Transport for London introducing vehicle scrappage scheme as ULEZ expands this summer

  • The Ultra Low Emission Zone will expand across all London boroughs from 29th August 2023
  • Eligible Londoners can qualify for a new, TfL-backed vehicle scrappage scheme
  • £110m has been set aside for the scheme by London Mayor Sadiq Khan

As part of ongoing efforts to improve air quality and health in the nation’s capital, the London Ultra Low Emission Zone (ULEZ), which has been in place since 2019, is expanding this year.

The ULEZ initially covered the same area as the Congestion Charge zone, which was introduced back in 2003 under then-Mayor Ken Livingston.

It was first expanded in October 2021 to reach to the perimeter of the North and South Circular roads, incorporating many inner London boroughs. The planned August 2023 expansion will see the ULEZ cover all London boroughs, an area of almost 600 square miles.

ULEZ expansion map of current and future boundaries
A map of the current and future ULEZ boundaries, from tfl.gov.uk

£110m scrappage scheme

To encourage owners of vehicles that don’t meet the emissions standards to change their transport options and to support with the cost of this, a new scrappage scheme is being introduced.  

The new scheme is available to Londoners who meet particular criteria, such as being on a low income or disability benefits.

This scrappage scheme has some key differences to previous schemes. Firstly, it’s not purely about scrapping vehicles – applicants can get a grant to retrofit their vehicle to meet the ULEZ standard.

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Secondly, micro businesses (defined as having 10 or fewer employees), as well as charities and sole traders with a registered address in London, may also qualify for the scheme. These organisations can get grants for scrapping or retrofitting vans and minibuses.

TfL has negotiated a range of support offers with other providers, available for successful applicants to the scrappage scheme. These include discounts on bike, e-bike and e-scooter hire, credits against vehicle rental, and support with new vehicle finance.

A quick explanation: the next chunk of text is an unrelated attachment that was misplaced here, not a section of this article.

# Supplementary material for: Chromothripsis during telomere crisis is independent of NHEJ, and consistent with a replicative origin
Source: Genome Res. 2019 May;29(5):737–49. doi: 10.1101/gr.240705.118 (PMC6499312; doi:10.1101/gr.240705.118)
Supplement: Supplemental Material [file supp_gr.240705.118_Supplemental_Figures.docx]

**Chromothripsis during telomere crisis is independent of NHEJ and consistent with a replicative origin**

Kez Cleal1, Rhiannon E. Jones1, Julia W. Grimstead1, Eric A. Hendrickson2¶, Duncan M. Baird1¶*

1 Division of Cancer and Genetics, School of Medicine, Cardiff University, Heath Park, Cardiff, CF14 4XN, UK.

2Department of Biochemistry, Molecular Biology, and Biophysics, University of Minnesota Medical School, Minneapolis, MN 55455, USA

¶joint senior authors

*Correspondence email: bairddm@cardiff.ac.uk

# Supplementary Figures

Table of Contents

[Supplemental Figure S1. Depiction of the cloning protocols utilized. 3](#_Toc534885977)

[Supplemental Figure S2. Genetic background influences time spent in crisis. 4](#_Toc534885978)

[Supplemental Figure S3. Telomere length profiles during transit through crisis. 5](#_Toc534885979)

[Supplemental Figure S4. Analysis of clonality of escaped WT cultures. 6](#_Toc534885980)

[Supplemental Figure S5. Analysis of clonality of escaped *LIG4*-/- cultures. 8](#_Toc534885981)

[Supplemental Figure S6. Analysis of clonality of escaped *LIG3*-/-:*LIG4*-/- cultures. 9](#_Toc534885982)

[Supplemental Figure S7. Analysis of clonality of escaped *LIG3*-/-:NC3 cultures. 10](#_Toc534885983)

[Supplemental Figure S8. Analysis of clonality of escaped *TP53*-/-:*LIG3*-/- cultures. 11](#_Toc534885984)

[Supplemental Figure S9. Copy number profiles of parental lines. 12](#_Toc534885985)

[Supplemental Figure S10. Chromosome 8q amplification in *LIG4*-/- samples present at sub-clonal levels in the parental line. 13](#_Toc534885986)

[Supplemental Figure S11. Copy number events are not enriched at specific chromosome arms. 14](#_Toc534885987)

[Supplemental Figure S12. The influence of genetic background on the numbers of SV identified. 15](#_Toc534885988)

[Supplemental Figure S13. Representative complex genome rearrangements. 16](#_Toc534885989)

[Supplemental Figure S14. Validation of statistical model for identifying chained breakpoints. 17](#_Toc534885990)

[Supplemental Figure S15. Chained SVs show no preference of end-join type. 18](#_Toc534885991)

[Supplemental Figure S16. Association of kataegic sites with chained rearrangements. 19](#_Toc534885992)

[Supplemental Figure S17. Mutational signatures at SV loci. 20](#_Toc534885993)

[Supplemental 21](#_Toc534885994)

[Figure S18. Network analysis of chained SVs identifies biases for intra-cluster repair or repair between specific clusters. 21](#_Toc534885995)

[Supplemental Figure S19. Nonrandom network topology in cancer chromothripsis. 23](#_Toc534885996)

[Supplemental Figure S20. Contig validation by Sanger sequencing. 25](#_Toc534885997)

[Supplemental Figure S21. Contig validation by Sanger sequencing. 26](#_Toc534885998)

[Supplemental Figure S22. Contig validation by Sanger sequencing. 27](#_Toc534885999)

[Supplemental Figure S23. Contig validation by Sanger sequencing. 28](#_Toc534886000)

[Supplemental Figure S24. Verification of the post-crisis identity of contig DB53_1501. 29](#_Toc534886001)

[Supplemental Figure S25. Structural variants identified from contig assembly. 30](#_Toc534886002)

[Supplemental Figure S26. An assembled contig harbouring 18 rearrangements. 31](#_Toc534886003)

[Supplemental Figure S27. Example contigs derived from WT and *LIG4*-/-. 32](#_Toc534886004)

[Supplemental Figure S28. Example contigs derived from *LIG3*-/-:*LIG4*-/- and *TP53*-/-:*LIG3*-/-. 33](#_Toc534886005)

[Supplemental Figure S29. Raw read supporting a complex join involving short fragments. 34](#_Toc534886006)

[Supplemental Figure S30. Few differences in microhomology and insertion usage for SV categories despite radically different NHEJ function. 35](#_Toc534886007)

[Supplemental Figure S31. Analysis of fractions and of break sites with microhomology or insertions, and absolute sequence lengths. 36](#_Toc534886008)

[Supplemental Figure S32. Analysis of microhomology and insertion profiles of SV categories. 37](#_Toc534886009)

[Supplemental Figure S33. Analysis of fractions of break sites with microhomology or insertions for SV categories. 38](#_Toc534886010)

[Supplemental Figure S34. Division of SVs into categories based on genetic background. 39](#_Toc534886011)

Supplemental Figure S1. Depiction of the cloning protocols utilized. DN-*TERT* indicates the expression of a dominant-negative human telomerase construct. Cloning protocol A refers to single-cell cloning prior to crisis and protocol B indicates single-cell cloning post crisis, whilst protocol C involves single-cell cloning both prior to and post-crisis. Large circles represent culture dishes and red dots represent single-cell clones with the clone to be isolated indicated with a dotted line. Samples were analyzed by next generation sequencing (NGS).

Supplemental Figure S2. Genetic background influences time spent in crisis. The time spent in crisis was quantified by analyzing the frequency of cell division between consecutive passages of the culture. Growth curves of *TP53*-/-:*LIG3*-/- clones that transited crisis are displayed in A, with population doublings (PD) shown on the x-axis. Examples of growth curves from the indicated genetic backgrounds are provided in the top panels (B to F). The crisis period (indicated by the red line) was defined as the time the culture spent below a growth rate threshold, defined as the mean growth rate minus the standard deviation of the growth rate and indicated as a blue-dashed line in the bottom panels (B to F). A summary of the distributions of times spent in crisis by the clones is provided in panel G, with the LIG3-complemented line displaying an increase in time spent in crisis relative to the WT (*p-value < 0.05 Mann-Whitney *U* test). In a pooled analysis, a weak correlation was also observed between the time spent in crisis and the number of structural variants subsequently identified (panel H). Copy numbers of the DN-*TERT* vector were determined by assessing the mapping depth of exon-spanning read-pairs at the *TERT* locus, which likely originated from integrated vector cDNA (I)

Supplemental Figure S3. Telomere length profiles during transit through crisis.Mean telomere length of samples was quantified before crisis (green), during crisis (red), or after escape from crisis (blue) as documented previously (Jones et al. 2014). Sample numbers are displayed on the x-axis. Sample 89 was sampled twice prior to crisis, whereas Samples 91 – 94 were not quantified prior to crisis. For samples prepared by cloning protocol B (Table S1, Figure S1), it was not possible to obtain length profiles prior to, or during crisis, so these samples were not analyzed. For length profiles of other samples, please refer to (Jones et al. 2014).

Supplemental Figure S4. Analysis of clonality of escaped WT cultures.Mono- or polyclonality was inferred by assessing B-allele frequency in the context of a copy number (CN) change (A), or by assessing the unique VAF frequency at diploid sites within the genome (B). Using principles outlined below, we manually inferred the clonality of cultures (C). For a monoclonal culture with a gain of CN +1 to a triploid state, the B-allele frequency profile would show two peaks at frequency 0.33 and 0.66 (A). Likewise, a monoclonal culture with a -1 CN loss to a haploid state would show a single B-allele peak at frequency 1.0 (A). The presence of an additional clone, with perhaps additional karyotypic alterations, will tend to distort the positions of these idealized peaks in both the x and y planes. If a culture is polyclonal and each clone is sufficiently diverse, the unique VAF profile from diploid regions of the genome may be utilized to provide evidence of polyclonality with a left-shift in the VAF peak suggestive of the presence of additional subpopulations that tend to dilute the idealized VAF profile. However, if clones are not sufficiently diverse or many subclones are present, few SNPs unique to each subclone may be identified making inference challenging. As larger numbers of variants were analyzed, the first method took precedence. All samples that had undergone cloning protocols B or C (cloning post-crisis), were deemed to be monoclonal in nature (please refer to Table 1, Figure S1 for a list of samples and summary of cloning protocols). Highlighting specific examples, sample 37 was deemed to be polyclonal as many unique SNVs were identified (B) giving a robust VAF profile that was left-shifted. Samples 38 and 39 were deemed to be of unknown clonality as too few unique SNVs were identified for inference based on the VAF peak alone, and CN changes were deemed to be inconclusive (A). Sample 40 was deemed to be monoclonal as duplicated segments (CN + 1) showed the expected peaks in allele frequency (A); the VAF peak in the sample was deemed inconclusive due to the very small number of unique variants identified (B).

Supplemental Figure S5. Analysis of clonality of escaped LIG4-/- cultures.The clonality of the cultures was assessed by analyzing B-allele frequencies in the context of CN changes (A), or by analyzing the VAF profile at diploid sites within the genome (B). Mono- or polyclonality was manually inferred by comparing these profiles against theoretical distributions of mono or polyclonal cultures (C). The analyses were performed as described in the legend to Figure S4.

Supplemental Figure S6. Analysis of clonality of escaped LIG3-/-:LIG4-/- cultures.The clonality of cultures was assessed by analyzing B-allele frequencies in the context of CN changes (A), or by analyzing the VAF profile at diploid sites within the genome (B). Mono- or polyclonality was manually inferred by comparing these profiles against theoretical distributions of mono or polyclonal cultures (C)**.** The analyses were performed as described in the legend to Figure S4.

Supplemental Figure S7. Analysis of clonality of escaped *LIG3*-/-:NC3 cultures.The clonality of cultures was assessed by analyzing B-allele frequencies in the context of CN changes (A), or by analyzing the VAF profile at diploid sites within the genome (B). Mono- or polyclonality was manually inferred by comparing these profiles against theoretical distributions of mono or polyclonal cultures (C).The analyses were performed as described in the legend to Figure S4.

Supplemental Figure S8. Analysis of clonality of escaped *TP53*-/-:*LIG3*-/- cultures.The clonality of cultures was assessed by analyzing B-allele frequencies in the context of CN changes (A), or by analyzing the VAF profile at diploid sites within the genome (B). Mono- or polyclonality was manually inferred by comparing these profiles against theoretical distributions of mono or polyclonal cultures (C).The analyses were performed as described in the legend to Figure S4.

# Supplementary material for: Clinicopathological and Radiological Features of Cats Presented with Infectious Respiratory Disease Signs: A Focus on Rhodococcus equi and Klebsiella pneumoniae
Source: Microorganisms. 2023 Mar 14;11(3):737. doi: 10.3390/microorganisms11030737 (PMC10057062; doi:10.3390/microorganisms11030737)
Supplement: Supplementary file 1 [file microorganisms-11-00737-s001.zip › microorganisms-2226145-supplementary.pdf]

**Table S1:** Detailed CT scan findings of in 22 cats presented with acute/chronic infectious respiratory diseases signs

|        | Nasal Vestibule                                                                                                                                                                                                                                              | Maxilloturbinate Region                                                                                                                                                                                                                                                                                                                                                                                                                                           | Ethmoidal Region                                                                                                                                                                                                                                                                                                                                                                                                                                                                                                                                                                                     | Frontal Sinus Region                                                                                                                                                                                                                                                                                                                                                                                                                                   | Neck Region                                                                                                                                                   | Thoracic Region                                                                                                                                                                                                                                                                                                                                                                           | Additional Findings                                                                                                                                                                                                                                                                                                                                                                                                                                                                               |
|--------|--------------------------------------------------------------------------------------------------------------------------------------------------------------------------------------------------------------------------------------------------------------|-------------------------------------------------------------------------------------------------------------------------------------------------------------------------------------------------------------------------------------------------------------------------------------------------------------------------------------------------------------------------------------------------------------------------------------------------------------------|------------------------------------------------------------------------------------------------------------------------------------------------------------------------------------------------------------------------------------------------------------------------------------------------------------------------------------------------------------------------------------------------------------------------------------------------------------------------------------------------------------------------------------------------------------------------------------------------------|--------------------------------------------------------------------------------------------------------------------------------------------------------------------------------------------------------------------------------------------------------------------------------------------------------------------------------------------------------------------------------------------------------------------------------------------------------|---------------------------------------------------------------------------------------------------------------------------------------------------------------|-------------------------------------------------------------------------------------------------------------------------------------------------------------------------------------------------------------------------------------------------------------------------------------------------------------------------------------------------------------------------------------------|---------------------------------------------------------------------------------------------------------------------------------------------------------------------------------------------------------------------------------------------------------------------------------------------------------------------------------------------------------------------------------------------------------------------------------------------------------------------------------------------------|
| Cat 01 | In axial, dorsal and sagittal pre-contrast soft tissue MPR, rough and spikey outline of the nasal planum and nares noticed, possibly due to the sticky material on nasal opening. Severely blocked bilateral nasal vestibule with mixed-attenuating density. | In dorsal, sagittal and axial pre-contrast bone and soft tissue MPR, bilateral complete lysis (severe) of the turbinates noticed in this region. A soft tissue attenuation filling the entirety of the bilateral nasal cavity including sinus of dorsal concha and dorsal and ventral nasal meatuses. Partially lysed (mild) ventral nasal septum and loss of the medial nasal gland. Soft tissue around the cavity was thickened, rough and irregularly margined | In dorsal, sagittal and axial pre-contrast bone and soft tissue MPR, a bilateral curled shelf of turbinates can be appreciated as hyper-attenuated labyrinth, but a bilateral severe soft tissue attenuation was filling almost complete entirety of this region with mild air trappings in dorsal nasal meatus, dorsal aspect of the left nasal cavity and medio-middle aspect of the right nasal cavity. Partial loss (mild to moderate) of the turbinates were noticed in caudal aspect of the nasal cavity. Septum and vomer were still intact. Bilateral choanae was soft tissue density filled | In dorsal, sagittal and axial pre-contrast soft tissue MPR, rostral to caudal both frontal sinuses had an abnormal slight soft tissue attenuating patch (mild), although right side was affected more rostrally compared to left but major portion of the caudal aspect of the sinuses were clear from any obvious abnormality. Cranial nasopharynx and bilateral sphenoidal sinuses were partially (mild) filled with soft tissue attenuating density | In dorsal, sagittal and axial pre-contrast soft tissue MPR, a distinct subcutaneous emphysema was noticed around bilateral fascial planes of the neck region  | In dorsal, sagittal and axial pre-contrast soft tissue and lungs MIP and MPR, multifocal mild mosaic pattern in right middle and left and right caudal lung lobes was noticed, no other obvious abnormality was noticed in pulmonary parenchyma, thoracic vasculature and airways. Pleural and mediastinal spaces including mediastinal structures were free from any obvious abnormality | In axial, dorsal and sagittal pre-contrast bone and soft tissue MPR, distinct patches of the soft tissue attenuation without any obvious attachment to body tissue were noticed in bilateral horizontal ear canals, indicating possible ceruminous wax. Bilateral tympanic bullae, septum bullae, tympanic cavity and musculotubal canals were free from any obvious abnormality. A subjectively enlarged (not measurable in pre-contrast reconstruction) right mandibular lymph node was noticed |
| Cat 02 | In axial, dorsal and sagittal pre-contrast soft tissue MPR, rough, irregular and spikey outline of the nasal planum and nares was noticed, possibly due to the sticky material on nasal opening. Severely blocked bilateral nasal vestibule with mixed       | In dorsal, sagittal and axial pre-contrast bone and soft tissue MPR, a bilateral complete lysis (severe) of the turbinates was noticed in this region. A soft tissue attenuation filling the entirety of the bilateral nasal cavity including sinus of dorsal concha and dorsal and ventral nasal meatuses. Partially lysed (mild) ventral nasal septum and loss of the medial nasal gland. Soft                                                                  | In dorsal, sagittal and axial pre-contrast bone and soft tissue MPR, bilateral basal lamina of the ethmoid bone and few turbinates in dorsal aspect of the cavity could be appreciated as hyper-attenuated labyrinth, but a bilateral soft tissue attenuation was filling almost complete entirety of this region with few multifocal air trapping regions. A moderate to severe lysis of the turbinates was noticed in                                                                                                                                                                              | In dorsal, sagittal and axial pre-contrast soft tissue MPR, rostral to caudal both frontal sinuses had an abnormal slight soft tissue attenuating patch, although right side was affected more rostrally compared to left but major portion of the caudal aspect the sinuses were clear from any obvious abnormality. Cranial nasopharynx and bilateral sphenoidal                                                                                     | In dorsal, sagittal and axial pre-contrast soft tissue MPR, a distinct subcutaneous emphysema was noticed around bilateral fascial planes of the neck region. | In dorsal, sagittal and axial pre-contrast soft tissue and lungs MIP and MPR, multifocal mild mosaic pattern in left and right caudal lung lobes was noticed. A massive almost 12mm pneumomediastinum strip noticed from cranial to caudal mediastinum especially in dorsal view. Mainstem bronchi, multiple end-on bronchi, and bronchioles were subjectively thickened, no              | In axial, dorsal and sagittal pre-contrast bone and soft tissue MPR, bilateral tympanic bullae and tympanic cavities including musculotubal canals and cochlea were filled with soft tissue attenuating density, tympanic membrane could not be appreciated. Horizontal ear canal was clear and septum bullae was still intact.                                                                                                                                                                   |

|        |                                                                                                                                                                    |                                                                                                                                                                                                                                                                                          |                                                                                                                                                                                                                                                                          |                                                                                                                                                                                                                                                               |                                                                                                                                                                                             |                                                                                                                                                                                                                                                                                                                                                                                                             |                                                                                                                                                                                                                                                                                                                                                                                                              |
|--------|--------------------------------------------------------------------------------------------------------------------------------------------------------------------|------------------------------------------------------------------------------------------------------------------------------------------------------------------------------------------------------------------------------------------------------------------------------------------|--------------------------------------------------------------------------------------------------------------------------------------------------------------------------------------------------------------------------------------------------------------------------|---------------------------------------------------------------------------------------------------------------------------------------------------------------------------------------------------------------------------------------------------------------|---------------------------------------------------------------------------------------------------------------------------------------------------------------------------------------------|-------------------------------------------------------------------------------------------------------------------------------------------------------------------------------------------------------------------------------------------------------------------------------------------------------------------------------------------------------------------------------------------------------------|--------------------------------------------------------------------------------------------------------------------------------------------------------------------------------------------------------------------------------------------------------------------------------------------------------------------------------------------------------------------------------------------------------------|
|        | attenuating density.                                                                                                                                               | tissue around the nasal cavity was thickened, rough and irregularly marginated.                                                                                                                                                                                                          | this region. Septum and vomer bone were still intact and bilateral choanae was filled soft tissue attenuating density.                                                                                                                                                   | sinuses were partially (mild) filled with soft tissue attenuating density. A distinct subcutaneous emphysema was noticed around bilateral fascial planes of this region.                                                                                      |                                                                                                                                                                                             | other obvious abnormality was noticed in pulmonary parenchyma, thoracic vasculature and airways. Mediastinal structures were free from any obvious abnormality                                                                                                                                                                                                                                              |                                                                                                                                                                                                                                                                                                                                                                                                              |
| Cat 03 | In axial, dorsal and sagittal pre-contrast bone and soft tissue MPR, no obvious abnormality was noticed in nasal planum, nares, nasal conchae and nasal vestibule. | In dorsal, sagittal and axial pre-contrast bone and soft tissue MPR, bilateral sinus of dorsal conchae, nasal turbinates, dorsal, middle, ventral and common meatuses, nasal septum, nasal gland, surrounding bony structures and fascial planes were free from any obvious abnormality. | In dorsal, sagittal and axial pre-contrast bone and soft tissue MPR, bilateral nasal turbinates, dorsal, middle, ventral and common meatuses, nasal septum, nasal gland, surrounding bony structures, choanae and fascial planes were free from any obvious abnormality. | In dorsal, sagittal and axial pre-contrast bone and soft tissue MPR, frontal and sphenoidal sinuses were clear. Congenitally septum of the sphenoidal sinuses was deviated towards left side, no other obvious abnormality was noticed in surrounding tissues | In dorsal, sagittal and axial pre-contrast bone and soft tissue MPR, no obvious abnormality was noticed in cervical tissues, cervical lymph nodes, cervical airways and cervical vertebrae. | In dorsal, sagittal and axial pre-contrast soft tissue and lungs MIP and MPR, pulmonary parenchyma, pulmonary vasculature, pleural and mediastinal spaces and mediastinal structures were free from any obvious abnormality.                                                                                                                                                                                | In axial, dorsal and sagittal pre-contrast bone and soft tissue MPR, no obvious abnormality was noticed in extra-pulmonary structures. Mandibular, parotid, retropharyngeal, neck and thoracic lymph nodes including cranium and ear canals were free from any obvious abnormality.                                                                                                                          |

Why is the ULEZ expanding?

Improving air quality in built-up areas has been on local and national authorities’ agendas for many years. Air pollution is shown to contribute to illnesses such as cancer, asthma and lung disease.

While vehicle emissions form only a small part of the pollutants affecting people’s health in general, in London they account for almost half of city-wide air pollution, including nitrogen oxides and particles.

TfL have said that the intention in expanding the ULEZ is to ensure that greater London air quality improves, stating that ‘the greatest number of deaths related to air pollution occur in outer London areas’[i].

Opposition to the ULEZ expansion

A number of London authorities are opposing the plans to expand the ULEZ, citing the impact on businesses and residents.

Harrow, Hillingdon, Croydon, Bromley, Bexley and Havering have all stated their opposition to the expansion. These outlying boroughs of Greater London have expressed concerns about the timing of the change, due to the cost of living crisis. Some have questioned whether the current emissions standards for the ULEZ will stay consistent, or if currently compliant vehicles could find themselves out of favour in the future.

Five other boroughs – Richmond, Kingston, Sutton, Barking & Dagenham, and Redbridge – have said they have concerns or have called for the ULEZ expansion to be delayed, but are not opposing the expansion completely.

Are classic vehicles exempt from the ULEZ charge?

Apart from the vehicles that meet the ULEZ emissions standard, there are quite a few types of vehicles that are currently exempt from paying a charge for driving in the ULEZ.

Historic vehicles, aka classics, are exempt if they are historic vehicle tax registered and not being used for commercial purposes. The historic vehicle tax exemption applies to cars registered 40 years ago or more.

Also exempt from paying the ULEZ charge are:

  • taxis (subject to some restrictions)
  • vehicles for the disabled (this exemption expires in 2025)
  • private hire vehicles in certain circumstances
  • agricultural vehicles
  • military vehicles
  • mobile cranes (most but not all)
  • some non-road vehicles e.g. excavators
  • non-for-profit minibuses (up to October 2023 and subject to conditions)
  • showman’s vehicles (subject to specifics found on the TfL website)

What does it cost to drive in the ULEZ?

The current daily charge for driving a non-compliant car, small van, or motorbike in the ULEZ is £12.50. This applies to any vehicle under 3.5 tonnes that isn’t exempt from the charge.

If you are driving a heavier vehicle like a lorry or coach, over 5 tonnes, the ULEZ charge is £100 per day.

Charges apply 24/7, every day except Christmas Day.

How many cars are already exempt from the ULEZ charges?

Transport for London (TfL) report that more than 4 out of 5 vehicles already meet the ULEZ emissions standards.

Relatively new vehicles tend to be exempt due to stricter emissions standards, and all hybrid and electric vehicles are also exempt from the charge.

Are you affected by the planned expansion of the ULEZ? We’d love to hear your views.

Send us a message below and we may contact you to see if you’d like your comments featured in a follow-up piece.